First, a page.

Transplantation with IL-27R−/− marrow grafts reduces GVHD severity and accumulation of proinflammatory T cells in target organs
To provide additional confirmation that the protective effects observed with p28 antibody blockade were valid, we used IL-27R−/− (WSX-1−/−) animals in which there is specific deletion of the unique component of the heterodimeric IL-27R.29 Phenotypic characterization revealed that both CD4+ and CD8+ T cells from IL-27R−/− mice were also biased toward a central memory phenotype (Figure 4A-B) and that CD4+Foxp3+ Tregs were phenotypically similar to wild-type Tregs (Figure 4C). Functional studies revealed no difference when compared with wild-type T cells with respect to alloantigen-induced proliferation or CD8+ IFN-γ production (Figure 4D-E). There was, however, a modest reduction in the percentage of CD4+GM-CSF+ and CD8+TNF-α+ T cells after polyclonal stimulation (supplemental Figure 6A). More significantly, both CD4+ and CD8+ T cells from IL-27R−/− mice also produced less IFN-γ, and CD8+ T cells had reduced T-bet expression after TH1 polarization (Figure 4F; supplemental Figure 6B), consistent with the described role of IL-27 in promoting TH1 responses.37 We observed that transplantation with marrow grafts from IL-27R−/− mice resulted in significantly prolonged survival compared with wild-type control animals (Figure 4G). There was also a significant reduction in the absolute number of total CD4+ and CD8+ T cells, as well as CD4+ and CD8+ IFN-γ+ T cells, in the liver, lung, and colon (Figure 4H-I). Animals transplanted with IL-27R−/− BM and wild-type spleen cells had significantly worse survival compared with mice reconstituted with IL-27R−/− BM and IL-27R−/− spleen cells (supplemental Figure 7A). Conversely, IL-27R expression on BM alone had no adverse effect on overall survival (supplemental Figure 7B), indicating that IL-27R expression on T cells, and not BM cells, was critical for driving GVHD. Collectively, these studies demonstrated that transplantation with IL-27R−/−, in contrast to IL-27p28−/−, marrow grafts resulted in protection from lethal GVHD which supported the findings observed after p28 antibody blockade.
Blockade of IL-27p28 signaling augments the reconstitution of Tregs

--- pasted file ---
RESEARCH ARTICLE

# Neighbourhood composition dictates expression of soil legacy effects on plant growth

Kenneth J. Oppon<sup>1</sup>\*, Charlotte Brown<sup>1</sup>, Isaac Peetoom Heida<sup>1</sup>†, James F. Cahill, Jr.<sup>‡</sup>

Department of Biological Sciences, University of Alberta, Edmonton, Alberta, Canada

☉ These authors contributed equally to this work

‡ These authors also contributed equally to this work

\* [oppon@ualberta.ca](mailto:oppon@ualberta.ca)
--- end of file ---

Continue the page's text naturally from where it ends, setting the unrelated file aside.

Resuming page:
We had demonstrated that antibody blockade of the IL-6R, which shares the gp130 subunit with IL-27, prevented GVHD by augmenting Treg reconstitution.11 We therefore conducted studies to determine whether protection by IL-27p28 antibody blockade similarly affected Treg recovery. Using Foxp3EGFP reporter animals, we observed a significant increase in the absolute number of CD4+ and CD8+ Foxp3+ Tregs in all tissue sites of mice treated with p28 antibody with the exception of CD8+ Tregs in the liver (Figure 5A). Although the CD4+ Treg compartment is composed of both natural Tregs (nTregs) and induced Tregs (iTregs), nTregs constitute the majority of this compartment. We therefore examined the effect of IL-27 on the induction of Tregs from the conventional T-cell pool. In vitro assays demonstrated that IL-27 effected a dose-dependent reduction in the conversion of CD4+ and CD8+ Foxp3+ Tregs from polyclonally stimulated CD4+ and CD8+ Foxp3EGFP− T cells, respectively, indicating that IL-27 suppressed iTreg generation (Figure 5B). To determine whether this was operative in vivo, allogeneic recipients were transplanted with Rag-1 BM alone or together with sorted CD4+Foxp3EGFP− T cells and then treated with an isotype control or p28 antibody. Mice administered p28 antibody had a significantly increased number of both CD4+ and CD8+ Foxp3+ iTregs in all tissue sites, indicating that inhibition of IL-27 enhanced iTreg reconstitution (Figure 5C). We then determined whether coblockade of IL-6 and IL-27 by antibody administration had any additive effects. These studies confirmed that administration of p28 antibody enhanced Treg reconstitution, whereas anti-IL-6R antibody treatment resulted in no increase in the absolute number of CD4+ or CD8+ Tregs. Thus, blockade of IL-27 was more potent than inhibition of IL-6 for enhancing Treg reconstitution when temporally concordant schedules were used. Notably, coadministration of both antibodies had no additive effect on CD8+ Treg numbers, but did result in a significant increase in CD4+ Tregs in the liver and lung compared with p28 antibody alone (Figure 5D). Finally, we conducted studies to determine whether the salutary effects of anti-IL-27p28 antibody blockade were attributable solely to the increase in Treg reconstitution because it was formally possible that IL-27 had effects on non-Treg populations. To address this question, recipients were transplanted with sorted CD4+ and CD8+ T cells from Foxp3ΔEGFP mice which have no functional Tregs.29 We observed no difference in survival, indicating that the protective effect conferred by p28 antibody blockade was abrogated in the absence of functional Tregs (Figure 5E). Thus, these data were evidence that GVHD protection from p28 antibody administration was attributable to augmented Treg reconstitution.